Cassidy Fife named MCC student commencement speaker
Around campus, Cassidy Fife is known as “Miss McCook” because of how involved she’s become – particularly in her sophomore year. Not surprisingly, “Miss McCook” has been named McCook Community College’s 2023 student commencement speaker. Commencement is Friday starting at 10 a.m. at the Peter and Dolores Graff Events Center.
“I’ve met a lot of great people here that have really made it so fun,” she said. “I’ve loved my two years here and am honored to share some thoughts about my time.”
This won’t be Cassidy’s first commencement speech. She was her high school’s commencement speaker as well. While she’s given a lot to her school, she knows the school and the community gave her a lot too.
When she graduated from Provo High School in Utah, her goal was to play softball collegiately somewhere in the Midwest. She came to McCook on a recruiting visit – admittedly because it was geographically between other colleges that were higher priority destinations.
“I saw the town, saw the school and it just felt like home from the very beginning,” she said. “Right away I knew this was it.”
Considering she came from a high school with 2,000 students in suburban Provo, surrounded by mountains and outdoor culture, McCook hardly resembled the home she knew, but she said McCook had everything she needed. Her family is supportive of her choice, visits when then can and enjoys McCook just as much as she does.
“As a recruit, my approach was that if you went somewhere and got hurt or became ineligible or unable to play - you had to be able to continue being a student and continue on your path and live in that city and enjoy it,” she said.
She arrived on campus as a freshman looking forward to the fall scrimmage season, traveling and games. Because of a shortage of healthy pitchers, MCC was unable to schedule any competitive fall games. So, she did have to just live in McCook with no real competitive softball, and her plan worked out.
“I really enjoyed coming to a school where you instantly have 20 girls that become your friends,” Fife said, “That’s what comes with sports – and knowing I was going to have people to hang out with, study with, whatever, that’s an important support system.”
The team dynamic is something she enjoyed from the very beginning. The team stayed busy off the field working the concession stands at volleyball and basketball games, getting involved in other events such as Trunk-Or-Treat, marching in the Heritage Days Parade, Santa’s Workshop and activities around town. She credits last year’s sophomores for helping the team bond despite lack of games – and she remembers how much that helped her.
When the second semester began, the pitching situation was resolved, and the team set off on a record-setting season journey. Fife traveled on the bus to road games, maintained her studies and played in front of fans at home. But, she wasn’t seeing a lot of playing time. Through the first 47 games she had just 18 at bats and started just a handful of games.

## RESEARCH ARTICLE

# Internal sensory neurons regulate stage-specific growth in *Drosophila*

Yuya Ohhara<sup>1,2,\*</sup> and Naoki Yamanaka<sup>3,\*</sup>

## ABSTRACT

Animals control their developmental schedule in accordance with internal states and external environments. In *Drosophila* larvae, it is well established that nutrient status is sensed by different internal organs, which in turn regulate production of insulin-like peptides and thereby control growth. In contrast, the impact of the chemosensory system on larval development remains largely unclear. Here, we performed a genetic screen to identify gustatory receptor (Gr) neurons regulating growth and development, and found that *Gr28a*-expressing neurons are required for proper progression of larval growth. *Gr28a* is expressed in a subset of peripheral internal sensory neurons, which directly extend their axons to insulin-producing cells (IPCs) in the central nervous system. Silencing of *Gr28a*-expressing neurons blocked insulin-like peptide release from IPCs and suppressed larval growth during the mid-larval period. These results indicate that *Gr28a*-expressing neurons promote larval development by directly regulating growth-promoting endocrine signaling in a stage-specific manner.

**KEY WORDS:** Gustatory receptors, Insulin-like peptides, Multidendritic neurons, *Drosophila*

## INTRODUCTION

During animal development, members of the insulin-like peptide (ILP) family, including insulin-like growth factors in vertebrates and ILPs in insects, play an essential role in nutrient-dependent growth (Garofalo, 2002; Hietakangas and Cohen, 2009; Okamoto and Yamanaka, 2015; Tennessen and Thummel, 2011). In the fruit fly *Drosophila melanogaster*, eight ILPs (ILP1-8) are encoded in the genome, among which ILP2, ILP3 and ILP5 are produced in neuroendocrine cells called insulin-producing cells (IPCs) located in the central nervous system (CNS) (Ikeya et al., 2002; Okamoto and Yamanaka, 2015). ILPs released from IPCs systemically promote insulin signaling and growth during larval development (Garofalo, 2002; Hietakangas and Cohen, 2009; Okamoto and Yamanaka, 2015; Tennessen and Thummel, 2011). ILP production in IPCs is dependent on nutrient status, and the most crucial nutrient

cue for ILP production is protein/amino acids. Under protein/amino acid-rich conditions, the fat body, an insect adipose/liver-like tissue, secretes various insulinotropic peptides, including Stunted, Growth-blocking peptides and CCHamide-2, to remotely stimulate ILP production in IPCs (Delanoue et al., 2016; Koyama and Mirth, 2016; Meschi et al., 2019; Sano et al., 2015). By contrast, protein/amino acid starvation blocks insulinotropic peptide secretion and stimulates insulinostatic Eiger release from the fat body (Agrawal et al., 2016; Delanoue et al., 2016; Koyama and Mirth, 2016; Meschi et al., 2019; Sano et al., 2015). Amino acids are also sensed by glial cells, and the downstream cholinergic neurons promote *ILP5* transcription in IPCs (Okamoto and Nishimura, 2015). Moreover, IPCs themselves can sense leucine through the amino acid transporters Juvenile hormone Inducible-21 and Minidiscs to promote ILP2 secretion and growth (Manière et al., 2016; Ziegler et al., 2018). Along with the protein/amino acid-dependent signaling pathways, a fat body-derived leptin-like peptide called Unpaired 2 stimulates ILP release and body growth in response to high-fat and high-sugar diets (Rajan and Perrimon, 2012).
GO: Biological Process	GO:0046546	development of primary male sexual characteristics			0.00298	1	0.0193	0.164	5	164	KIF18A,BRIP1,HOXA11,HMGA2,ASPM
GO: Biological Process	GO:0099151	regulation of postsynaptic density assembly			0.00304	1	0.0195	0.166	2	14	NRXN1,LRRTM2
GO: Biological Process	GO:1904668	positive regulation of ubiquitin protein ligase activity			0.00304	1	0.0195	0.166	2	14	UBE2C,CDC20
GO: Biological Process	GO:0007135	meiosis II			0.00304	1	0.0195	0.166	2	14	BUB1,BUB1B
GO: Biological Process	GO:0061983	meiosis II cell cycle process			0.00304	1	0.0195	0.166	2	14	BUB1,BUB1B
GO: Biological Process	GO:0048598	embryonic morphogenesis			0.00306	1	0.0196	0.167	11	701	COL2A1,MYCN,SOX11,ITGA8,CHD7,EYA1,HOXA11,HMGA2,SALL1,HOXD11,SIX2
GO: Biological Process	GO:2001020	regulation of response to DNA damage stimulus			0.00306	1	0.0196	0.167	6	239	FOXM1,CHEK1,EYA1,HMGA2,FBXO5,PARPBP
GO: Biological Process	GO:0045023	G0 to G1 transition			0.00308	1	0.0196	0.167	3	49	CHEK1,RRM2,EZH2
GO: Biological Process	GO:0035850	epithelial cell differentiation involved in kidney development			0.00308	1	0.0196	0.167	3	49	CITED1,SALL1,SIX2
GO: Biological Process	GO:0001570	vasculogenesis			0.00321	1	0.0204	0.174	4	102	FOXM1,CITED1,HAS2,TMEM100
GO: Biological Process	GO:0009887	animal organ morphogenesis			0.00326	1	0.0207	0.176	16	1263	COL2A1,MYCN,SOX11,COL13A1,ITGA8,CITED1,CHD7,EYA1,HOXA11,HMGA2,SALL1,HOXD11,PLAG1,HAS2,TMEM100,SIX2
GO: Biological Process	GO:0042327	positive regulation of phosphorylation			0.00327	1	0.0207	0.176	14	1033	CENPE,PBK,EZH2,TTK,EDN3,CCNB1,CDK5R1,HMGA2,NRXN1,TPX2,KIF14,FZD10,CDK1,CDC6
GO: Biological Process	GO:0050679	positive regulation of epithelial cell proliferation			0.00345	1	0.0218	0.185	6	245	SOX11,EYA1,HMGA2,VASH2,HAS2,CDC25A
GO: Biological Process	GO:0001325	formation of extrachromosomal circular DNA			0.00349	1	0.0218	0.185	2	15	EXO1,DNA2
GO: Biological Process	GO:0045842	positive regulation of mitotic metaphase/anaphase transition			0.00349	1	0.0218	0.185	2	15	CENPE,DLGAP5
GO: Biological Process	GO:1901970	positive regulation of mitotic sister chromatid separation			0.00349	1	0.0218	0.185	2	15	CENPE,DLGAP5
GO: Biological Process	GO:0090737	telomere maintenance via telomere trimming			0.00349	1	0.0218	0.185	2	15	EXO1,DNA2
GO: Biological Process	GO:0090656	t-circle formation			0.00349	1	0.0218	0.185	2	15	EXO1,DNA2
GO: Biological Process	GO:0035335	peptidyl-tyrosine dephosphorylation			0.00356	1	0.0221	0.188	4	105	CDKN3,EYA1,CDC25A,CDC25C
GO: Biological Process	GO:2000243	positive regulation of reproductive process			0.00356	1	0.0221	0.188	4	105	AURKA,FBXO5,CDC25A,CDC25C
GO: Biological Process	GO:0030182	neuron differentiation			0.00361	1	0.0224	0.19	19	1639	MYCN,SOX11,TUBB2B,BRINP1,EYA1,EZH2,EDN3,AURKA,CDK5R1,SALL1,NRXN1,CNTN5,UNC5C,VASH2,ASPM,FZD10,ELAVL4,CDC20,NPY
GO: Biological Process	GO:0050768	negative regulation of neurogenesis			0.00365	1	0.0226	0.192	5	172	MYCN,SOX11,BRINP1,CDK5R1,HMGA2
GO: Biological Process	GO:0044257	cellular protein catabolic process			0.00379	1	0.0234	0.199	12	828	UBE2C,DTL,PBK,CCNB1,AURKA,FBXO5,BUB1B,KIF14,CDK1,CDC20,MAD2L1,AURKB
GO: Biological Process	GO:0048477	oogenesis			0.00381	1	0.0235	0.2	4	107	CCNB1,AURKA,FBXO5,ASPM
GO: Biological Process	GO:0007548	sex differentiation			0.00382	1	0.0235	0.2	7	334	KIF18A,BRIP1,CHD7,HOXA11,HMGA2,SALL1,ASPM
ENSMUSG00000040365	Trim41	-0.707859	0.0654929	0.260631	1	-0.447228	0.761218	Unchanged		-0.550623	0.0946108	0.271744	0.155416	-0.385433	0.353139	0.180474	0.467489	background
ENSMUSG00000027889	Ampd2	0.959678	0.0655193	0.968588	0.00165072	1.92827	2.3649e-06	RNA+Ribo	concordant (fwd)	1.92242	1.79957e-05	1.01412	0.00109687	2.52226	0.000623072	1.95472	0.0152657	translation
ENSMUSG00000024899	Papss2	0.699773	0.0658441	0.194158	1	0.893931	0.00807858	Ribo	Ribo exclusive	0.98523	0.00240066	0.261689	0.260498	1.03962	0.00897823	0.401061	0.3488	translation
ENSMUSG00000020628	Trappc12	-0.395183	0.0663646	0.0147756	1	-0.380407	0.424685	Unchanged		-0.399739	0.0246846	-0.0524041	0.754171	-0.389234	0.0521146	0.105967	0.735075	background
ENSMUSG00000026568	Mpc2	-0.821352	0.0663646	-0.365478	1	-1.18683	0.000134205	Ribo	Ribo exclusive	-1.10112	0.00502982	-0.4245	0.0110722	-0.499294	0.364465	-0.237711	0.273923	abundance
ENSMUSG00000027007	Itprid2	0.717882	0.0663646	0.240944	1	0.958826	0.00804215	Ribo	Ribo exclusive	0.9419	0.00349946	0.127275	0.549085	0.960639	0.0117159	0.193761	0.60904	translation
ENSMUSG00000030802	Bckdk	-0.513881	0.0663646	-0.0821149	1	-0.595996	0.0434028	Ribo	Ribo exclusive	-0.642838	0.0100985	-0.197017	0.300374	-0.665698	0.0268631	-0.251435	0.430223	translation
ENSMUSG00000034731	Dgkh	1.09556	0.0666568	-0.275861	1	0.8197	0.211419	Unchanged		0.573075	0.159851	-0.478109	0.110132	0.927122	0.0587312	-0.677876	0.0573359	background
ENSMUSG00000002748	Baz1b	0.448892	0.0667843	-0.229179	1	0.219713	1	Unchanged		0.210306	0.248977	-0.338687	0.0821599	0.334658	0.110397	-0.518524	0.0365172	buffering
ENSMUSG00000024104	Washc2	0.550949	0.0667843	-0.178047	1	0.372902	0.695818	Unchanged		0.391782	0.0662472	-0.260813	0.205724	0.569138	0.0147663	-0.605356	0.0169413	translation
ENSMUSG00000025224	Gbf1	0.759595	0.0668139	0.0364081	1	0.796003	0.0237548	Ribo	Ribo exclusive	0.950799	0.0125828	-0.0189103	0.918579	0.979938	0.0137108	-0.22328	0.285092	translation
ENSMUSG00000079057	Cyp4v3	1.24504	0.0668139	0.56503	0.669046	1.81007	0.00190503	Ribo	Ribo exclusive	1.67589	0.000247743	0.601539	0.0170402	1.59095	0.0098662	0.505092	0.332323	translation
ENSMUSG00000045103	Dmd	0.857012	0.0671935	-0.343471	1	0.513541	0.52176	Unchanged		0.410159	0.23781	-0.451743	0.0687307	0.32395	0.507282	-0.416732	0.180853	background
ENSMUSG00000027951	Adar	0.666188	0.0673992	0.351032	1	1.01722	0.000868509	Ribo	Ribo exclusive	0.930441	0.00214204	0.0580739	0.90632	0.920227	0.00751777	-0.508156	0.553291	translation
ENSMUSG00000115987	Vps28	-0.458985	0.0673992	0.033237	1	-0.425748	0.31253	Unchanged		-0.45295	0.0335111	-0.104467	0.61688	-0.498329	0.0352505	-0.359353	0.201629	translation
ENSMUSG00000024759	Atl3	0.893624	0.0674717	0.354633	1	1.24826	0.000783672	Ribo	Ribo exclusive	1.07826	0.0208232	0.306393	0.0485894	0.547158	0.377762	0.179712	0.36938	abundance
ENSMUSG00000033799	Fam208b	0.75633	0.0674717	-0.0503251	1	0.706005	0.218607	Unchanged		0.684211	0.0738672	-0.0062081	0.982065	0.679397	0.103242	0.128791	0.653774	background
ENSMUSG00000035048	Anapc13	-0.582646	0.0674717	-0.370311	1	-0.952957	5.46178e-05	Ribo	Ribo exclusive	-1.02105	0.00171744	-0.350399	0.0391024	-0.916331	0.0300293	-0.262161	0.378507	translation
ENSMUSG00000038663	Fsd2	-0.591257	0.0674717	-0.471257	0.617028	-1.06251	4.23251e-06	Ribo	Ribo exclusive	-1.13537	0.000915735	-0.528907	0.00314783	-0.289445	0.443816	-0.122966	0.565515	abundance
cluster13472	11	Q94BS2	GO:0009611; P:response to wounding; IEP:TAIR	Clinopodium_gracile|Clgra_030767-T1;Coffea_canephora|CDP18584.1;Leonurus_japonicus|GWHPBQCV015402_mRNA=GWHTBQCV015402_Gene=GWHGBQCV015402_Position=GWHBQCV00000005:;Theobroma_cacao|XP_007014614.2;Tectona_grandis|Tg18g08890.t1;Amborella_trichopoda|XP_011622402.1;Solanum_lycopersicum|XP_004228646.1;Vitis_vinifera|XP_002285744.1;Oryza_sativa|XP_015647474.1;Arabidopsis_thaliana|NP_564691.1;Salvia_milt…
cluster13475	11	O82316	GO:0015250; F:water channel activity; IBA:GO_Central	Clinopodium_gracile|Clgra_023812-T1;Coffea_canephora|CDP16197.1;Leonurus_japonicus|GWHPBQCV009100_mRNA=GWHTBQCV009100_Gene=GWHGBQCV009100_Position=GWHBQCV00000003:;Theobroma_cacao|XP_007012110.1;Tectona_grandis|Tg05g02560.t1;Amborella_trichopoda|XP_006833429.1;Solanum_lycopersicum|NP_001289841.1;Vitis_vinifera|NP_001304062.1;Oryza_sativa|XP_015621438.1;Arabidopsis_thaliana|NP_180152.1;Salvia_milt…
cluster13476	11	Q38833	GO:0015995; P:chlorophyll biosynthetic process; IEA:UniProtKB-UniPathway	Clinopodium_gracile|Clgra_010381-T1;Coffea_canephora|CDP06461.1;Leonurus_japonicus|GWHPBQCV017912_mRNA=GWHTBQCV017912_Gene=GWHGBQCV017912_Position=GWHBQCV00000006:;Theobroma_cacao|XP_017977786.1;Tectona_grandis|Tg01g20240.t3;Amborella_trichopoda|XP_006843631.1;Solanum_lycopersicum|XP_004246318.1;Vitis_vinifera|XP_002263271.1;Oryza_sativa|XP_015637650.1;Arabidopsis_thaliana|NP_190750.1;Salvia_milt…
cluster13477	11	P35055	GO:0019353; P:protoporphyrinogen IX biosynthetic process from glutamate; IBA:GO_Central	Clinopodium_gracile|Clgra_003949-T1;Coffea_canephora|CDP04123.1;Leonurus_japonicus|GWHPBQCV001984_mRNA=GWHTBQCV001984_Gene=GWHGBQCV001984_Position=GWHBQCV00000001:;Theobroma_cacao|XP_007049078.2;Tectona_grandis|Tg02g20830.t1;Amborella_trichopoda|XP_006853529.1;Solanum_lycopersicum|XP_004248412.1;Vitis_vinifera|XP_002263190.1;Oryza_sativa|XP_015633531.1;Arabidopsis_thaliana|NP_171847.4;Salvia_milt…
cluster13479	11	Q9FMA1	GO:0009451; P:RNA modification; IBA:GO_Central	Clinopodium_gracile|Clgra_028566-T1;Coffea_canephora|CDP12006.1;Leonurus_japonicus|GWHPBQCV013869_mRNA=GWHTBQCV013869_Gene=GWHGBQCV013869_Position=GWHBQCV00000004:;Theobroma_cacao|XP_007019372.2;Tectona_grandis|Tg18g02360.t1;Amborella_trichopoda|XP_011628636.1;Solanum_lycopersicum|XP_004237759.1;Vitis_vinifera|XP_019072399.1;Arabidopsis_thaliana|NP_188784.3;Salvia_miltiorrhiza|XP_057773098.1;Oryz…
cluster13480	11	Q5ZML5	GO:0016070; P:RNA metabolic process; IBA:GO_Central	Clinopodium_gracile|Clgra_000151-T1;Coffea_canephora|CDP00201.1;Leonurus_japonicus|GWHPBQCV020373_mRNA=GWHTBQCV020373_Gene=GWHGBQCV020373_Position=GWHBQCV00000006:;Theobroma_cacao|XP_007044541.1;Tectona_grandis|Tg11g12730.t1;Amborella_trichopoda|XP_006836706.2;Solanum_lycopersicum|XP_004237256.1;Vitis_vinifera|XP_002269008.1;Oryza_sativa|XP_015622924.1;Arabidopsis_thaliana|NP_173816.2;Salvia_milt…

She tried to take advantage of the opportunities she did have. And she was never one to stay quiet on the bench. No matter how hard things got along the way or how busy she was, “Miss McCook” liked to keep a smile on everybody’s face.
“Sometimes you just need to enjoy where you are and find the humor,” she said.
By the end of the season, a few players had left the team, and others were injured. Fife had her opportunity.
With MCC pushing for the school’s first ever Region IX regular season championship on the final weekend series of the season, Fife made it into the starting lineup. Later, she ripped a home run in the title-clinching win against Western Nebraska. She started nine of the team’s final 11 games, including all three games of the Region IX tournament and the sub-regional game.
Her sophomore teammates paved the way for her to follow their paths as leaders on the field, in the classroom and on campus. She’d been involved in many activities in high school - to the point she was burning out. So, at McCook she didn’t get as involved as a freshman, but she knew she’d be able to do it if she put her mind to it.
“I was scared to move into a leadership role again, but I definitely felt it was a path that would be good for me,” Fife said.
She applied to become a resident hall assistant and did. She ran for and was elected Student Senate president. She became part of Phi Theta Kappa, was named a softball team captain and took on another campus job and leadership role with the college’s safety and security department,
She said it was a difficult wake-up call realizing how much she was asked to do, but she figured out what she could realistically handle and what and when she needed to delegate.
On top of all that, over the summer, her former coach Kevin Kaalberg took a job at another college and when classes began in August there were only eight softball players on campus. Some of the interim duties naturally fell to the four returning players and interim assistant Rachel Conroy – until Mike Mendenhall was hired in late October.
“That was stressful for all of us, but I’m glad I did take all of that on,” Fife said. “It’s definitely a character development thing, and I wouldn’t change anything.”
This year, as a starter she played in 54 games and batted .324 with four home runs and 41 RBIs, on a team that struggled early but went on to win 31 games.
After graduating, Fife plans to attend Bellevue University online and get her bachelor’s degree in public health with a focus on personal development and social issues within the community.
“The college and community are great, and I’ve loved my teammates over these past two years,” Fife said. “They’ve been my family here.”